The organisers linked the competition with World Book Night (held on 23 April every year), and devised a whole evening of activities inspired by the lighthearted crime novel Agatha Raisin and the Quiche of Death, by M. C. Beaton.
As well as the bake-off, there was a recipe-book swap, and a quiz that involved matching pictures of crime writers with their novels. Everyone in the neighbourhood got involved, and the event meant that churchgoers mingled with non-churchgoers. "Food appears to interest everyone," Mr Stephens says.
One young mother said that she didn’t know that Christians could have such fun. "That’s become our fund-raising mantra," Mr Stephens says.
Making a virtue of paperwork
ST ANDREW’s, Chardstock, in Devon, had been awarded a grant for essential repair work, but the PCC needed to raise an extra £30,000 to cover its share of the costs.
The organisers had the idea of making the most of their church building, and, in particular, its high ceilings and 22-metre-long aisle, from the chancel steps to the back of the bell-tower.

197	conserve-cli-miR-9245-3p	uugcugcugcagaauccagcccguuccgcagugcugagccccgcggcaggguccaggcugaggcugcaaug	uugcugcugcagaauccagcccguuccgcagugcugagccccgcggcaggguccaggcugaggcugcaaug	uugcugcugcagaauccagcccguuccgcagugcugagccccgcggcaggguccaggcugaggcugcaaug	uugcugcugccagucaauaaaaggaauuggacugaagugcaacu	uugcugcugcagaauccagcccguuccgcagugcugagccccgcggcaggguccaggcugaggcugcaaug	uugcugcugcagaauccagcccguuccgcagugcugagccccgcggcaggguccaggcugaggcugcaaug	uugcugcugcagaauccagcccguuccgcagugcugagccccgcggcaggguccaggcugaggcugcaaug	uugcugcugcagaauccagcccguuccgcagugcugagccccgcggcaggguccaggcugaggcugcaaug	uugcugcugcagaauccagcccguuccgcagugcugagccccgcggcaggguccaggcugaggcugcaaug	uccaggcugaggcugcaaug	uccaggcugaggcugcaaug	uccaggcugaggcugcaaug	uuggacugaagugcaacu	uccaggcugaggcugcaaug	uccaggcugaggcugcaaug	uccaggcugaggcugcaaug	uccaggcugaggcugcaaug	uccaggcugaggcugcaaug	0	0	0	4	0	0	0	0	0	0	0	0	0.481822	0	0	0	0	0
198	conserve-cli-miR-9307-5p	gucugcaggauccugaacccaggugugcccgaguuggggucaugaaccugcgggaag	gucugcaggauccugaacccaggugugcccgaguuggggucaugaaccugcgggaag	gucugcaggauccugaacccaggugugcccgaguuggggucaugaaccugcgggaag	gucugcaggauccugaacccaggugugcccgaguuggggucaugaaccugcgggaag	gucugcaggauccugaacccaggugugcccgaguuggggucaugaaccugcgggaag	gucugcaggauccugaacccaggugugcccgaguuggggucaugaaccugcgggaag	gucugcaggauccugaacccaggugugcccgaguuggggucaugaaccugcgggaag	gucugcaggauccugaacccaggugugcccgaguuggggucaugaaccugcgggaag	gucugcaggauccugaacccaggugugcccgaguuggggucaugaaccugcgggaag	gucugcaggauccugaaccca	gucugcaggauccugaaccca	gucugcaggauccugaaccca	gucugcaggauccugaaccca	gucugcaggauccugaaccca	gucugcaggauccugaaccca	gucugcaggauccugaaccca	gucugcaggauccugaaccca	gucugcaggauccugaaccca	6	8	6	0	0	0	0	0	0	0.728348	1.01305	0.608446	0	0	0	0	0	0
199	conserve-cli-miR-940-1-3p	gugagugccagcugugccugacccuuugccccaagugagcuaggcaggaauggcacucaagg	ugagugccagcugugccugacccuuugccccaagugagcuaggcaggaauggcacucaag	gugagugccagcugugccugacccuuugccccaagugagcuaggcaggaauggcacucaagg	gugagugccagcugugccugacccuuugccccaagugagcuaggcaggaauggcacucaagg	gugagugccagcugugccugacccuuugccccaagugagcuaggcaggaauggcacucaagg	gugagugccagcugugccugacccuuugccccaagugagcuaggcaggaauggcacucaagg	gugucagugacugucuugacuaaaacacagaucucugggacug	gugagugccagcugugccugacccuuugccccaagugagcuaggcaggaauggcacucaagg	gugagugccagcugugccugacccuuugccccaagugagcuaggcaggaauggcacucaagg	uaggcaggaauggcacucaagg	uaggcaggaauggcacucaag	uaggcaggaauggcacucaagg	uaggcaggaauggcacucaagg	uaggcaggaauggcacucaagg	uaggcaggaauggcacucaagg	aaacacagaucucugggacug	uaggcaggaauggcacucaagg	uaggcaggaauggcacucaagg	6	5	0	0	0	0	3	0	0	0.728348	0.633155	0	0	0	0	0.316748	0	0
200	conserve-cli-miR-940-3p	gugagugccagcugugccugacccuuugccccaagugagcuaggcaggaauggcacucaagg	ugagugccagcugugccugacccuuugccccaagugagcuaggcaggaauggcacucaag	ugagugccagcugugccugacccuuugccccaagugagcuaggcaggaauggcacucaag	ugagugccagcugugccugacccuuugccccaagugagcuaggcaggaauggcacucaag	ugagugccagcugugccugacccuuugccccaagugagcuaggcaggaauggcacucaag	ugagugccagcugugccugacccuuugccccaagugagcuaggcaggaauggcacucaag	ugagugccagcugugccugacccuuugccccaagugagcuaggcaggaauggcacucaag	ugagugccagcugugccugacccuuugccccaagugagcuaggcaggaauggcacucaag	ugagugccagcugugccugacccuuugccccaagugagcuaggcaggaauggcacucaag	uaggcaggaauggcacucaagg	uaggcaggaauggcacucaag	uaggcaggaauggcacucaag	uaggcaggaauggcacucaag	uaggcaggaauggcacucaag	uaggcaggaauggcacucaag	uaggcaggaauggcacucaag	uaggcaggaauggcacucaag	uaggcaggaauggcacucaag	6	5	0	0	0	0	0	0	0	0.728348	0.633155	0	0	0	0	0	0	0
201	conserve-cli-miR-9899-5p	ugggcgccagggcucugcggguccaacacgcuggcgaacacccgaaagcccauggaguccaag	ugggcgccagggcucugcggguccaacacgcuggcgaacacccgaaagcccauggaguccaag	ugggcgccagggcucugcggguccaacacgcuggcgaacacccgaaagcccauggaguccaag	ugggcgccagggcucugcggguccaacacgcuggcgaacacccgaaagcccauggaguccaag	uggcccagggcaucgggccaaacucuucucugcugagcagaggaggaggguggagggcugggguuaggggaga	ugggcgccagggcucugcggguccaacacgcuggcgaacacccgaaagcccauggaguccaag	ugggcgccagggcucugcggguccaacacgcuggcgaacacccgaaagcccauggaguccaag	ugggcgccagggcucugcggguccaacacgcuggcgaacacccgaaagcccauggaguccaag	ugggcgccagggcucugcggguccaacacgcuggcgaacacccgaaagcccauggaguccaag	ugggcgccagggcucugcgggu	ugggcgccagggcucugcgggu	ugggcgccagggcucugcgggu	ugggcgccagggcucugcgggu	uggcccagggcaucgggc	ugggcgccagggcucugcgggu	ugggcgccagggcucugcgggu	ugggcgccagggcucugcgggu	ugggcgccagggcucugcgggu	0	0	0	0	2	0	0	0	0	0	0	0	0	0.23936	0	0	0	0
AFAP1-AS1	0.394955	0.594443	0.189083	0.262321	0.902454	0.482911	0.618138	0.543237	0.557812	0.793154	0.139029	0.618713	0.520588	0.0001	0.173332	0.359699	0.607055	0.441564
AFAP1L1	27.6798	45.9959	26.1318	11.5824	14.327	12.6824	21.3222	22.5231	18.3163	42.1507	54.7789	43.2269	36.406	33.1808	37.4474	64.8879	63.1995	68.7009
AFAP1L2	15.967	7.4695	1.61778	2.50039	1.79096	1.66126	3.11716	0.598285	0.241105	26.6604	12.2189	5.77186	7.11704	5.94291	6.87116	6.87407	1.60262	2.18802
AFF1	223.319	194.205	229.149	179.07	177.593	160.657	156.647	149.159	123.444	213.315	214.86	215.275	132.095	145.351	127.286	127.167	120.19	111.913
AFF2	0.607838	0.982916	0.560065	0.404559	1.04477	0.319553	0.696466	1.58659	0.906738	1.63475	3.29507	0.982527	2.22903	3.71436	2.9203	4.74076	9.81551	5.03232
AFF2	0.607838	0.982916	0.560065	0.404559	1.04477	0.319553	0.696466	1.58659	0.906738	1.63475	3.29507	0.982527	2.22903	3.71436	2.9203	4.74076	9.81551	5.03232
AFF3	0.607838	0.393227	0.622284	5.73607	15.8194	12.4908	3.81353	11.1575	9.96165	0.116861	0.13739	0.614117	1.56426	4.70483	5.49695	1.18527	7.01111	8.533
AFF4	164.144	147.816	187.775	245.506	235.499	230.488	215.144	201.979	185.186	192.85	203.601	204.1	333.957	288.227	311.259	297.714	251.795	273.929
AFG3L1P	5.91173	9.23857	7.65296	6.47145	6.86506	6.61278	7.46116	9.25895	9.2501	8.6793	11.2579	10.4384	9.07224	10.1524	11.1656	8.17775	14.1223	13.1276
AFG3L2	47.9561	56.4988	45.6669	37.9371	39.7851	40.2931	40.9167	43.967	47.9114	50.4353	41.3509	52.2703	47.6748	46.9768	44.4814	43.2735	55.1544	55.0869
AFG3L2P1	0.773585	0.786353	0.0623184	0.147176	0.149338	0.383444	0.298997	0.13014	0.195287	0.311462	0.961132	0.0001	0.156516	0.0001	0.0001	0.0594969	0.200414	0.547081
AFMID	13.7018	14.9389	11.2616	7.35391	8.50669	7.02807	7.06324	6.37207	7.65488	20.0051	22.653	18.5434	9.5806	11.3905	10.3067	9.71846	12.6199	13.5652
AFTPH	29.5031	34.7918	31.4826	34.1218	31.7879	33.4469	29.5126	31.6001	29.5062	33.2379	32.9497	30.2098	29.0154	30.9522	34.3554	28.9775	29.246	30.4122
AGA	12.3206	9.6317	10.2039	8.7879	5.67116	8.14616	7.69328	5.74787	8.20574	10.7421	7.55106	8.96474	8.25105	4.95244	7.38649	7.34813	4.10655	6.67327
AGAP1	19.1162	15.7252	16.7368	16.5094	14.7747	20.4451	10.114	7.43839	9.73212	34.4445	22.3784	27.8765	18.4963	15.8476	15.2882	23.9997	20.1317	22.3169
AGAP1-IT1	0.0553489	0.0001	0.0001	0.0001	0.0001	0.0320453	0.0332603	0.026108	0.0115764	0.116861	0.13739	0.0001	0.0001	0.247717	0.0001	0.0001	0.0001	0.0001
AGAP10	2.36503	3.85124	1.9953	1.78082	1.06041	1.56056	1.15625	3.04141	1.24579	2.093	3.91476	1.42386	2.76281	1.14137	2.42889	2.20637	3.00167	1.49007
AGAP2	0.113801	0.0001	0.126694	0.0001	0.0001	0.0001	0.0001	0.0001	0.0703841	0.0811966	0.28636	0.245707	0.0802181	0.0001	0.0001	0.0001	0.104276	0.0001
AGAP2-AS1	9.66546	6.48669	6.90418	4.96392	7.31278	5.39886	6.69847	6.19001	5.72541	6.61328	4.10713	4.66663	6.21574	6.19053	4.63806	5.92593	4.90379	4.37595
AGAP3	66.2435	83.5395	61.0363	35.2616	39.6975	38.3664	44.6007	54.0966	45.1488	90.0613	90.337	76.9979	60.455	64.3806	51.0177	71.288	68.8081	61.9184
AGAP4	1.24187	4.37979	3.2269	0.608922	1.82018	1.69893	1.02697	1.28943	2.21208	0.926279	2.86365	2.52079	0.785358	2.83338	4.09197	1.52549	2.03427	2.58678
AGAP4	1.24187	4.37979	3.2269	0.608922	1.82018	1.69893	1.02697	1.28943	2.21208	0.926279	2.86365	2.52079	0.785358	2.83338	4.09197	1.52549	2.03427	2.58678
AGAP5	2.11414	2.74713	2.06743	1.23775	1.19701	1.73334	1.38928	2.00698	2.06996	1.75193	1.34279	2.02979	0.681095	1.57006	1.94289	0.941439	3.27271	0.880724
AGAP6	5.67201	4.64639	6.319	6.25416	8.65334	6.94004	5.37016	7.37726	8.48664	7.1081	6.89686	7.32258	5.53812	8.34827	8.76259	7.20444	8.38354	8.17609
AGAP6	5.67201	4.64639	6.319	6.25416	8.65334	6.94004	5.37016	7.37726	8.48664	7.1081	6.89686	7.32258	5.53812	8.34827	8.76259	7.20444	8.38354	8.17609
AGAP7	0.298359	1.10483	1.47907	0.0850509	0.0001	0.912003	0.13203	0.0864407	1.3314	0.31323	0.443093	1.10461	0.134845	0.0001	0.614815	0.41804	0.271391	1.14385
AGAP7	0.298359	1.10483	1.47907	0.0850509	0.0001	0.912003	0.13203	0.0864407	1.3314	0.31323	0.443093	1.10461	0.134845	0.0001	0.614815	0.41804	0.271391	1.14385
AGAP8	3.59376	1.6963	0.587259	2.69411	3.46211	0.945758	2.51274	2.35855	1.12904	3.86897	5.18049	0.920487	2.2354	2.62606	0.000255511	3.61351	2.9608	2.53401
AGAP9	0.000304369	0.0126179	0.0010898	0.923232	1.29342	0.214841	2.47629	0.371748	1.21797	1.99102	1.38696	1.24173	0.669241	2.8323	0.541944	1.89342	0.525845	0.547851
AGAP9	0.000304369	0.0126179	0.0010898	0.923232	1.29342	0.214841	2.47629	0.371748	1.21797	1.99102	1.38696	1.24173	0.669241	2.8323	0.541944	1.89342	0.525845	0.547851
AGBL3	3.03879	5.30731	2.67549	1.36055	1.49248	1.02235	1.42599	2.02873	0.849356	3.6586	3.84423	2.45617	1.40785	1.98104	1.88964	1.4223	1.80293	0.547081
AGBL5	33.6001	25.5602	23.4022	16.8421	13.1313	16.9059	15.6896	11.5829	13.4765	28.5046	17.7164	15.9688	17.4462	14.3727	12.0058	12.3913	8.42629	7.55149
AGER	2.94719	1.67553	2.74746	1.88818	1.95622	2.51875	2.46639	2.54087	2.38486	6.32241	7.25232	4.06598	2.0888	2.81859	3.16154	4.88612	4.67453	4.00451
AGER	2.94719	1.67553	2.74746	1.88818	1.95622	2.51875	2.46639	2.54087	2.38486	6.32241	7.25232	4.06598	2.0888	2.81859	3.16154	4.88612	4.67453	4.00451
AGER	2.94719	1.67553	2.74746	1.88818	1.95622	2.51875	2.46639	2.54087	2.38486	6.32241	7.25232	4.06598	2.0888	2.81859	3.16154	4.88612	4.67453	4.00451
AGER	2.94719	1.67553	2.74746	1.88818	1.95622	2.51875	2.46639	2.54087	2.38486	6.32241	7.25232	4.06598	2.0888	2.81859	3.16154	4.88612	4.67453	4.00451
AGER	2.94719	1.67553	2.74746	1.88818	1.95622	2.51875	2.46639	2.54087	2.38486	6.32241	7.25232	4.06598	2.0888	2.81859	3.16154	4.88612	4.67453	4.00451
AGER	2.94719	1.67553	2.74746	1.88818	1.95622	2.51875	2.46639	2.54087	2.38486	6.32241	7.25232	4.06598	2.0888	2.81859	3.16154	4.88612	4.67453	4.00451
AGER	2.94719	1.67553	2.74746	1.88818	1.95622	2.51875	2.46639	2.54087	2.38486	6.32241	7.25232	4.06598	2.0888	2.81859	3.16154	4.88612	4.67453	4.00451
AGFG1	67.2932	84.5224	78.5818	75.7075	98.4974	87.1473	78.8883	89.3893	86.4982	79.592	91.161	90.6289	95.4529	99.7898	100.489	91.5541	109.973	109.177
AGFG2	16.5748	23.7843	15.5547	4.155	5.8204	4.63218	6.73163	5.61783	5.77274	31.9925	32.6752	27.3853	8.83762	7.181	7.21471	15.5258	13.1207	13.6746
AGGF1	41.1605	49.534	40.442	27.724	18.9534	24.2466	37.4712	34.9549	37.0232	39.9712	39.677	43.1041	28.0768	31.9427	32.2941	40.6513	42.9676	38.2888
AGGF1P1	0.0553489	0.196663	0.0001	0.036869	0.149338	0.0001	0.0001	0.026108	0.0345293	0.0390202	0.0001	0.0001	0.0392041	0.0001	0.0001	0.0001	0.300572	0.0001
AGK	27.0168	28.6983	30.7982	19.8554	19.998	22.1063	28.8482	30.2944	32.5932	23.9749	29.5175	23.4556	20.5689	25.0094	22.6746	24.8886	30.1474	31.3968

And so the idea of "The Great Chardstock Paper Plane Competition" was born.
During the Chardstock street fair, people were invited to come inside the church and have a go. The interest that the event generated was overwhelming. "We had over 140 contestants," one of the organisers, Tim Purrett, says. "And many came back time after time."
Most contestants made streamlined aerodynamic planes; a few simply crushed their paper into a ball and threw it. Every entry was valid, as long as it was from a single piece of A4 paper. Some planes faltered or hit columns; some even flew backwards.
"Our winning plane flew an incredible 18.2 metres down the length of the aisle, then hit the bell-tower screen," Mr Purrett says. All through the day, there were spectators watching from the sidelines, or the "airfield" as it became known.
"What is even better is that many said they would be coming back next year to try and better their previous throws," Mr Purrett says.
Happy to have an infestation
IN 2014, St Paul’s, Walton-in-Gordano, in North Somerset, urgently needed to raise funds to pay the next year’s bills. Thankfully, "CM" (standing for "Church Mouse") saved the day.